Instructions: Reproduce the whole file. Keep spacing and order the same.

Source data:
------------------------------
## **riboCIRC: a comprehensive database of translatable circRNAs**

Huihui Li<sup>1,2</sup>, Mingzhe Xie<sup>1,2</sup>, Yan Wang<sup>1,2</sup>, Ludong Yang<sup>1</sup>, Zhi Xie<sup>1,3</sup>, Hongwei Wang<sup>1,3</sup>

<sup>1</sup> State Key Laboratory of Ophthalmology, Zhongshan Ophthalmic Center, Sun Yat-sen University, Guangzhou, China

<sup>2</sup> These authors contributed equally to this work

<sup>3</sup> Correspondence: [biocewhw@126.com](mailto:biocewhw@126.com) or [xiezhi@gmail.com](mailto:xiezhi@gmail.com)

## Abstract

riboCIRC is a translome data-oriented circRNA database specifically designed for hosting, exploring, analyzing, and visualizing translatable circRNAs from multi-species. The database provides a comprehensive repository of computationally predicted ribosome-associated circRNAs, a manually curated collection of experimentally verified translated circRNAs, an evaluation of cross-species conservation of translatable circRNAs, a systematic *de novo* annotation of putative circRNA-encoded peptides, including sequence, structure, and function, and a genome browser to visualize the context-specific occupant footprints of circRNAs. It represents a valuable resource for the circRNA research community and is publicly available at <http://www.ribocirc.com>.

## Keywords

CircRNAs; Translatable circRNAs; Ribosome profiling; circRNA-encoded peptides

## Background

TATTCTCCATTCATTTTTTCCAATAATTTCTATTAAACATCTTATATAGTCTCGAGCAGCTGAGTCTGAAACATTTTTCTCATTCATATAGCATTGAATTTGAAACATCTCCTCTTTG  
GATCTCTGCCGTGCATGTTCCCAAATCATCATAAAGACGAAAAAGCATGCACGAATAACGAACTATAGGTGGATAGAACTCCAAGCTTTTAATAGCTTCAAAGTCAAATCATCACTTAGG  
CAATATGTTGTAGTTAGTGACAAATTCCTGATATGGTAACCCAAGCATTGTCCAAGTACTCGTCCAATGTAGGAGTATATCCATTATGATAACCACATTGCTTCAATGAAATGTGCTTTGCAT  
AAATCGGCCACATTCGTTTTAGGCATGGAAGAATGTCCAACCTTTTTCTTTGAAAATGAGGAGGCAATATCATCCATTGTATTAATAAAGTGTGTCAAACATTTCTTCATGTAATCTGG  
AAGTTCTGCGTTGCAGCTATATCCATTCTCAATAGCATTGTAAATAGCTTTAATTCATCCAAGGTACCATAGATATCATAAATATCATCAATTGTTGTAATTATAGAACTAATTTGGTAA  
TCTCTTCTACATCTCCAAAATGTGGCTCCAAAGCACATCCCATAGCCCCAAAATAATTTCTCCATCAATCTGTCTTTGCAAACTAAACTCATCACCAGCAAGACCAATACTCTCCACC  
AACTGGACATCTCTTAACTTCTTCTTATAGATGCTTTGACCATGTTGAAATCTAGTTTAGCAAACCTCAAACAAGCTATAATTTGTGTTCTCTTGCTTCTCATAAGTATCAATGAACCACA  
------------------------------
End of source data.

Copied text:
## **riboCIRC: a comprehensive database of translatable circRNAs**

Huihui Li<sup>1,2</sup>, Mingzhe Xie<sup>1,2</sup>, Yan Wang<sup>1,2</sup>, Ludong Yang<sup>1</sup>, Zhi Xie<sup>1,3</sup>, Hongwei Wang<sup>1,3</sup>

<sup>1</sup> State Key Laboratory of Ophthalmology, Zhongshan Ophthalmic Center, Sun Yat-sen University, Guangzhou, China

<sup>2</sup> These authors contributed equally to this work

<sup>3</sup> Correspondence: [biocewhw@126.com](mailto:biocewhw@126.com) or [xiezhi@gmail.com](mailto:xiezhi@gmail.com)

## Abstract

riboCIRC is a translome data-oriented circRNA database specifically designed for hosting, exploring, analyzing, and visualizing translatable circRNAs from multi-species. The database provides a comprehensive repository of computationally predicted ribosome-associated circRNAs, a manually curated collection of experimentally verified translated circRNAs, an evaluation of cross-species conservation of translatable circRNAs, a systematic *de novo* annotation of putative circRNA-encoded peptides, including sequence, structure, and function, and a genome browser to visualize the context-specific occupant footprints of circRNAs. It represents a valuable resource for the circRNA research community and is publicly available at <http://www.ribocirc.com>.

## Keywords

CircRNAs; Translatable circRNAs; Ribosome profiling; circRNA-encoded peptides

## Background

TATTCTCCATTCATTTTTTCCAATAATTTCTATTAAACATCTTATATAGTCTCGAGCAGCTGAGTCTGAAACATTTTTCTCATTCATATAGCATTGAATTTGAAACATCTCCTCTTTG  
GATCTCTGCCGTGCATGTTCCCAAATCATCATAAAGACGAAAAAGCATGCACGAATAACGAACTATAGGTGGATAGAACTCCAAGCTTTTAATAGCTTCAAAGTCAAATCATCACTTAGG  
CAATATGTTGTAGTTAGTGACAAATTCCTGATATGGTAACCCAAGCATTGTCCAAGTACTCGTCCAATGTAGGAGTATATCCATTATGATAACCACATTGCTTCAATGAAATGTGCTTTGCAT  
AAATCGGCCACATTCGTTTTAGGCATGGAAGAATGTCCAACCTTTTTCTTTGAAAATGAGGAGGCAATATCATCCATTGTATTAATAAAGTGTGTCAAACATTTCTTCATGTAATCTGG  
AAGTTCTGCGTTGCAGCTATATCCATTCTCAATAGCATTGTAAATAGCTTTAATTCATCCAAGGTACCATAGATATCATAAATATCATCAATTGTTGTAATTATAGAACTAATTTGGTAA  
TCTCTTCTACATCTCCAAAATGTGGCTCCAAAGCACATCCCATAGCCCCAAAATAATTTCTCCATCAATCTGTCTTTGCAAACTAAACTCATCACCAGCAAGACCAATACTCTCCACC  
AACTGGACATCTCTTAACTTCTTCTTATAGATGCTTTGACCATGTTGAAATCTAGTTTAGCAAACCTCAAACAAGCTATAATTTGTGTTCTCTTGCTTCTCATAAGTATCAATGAACCACA  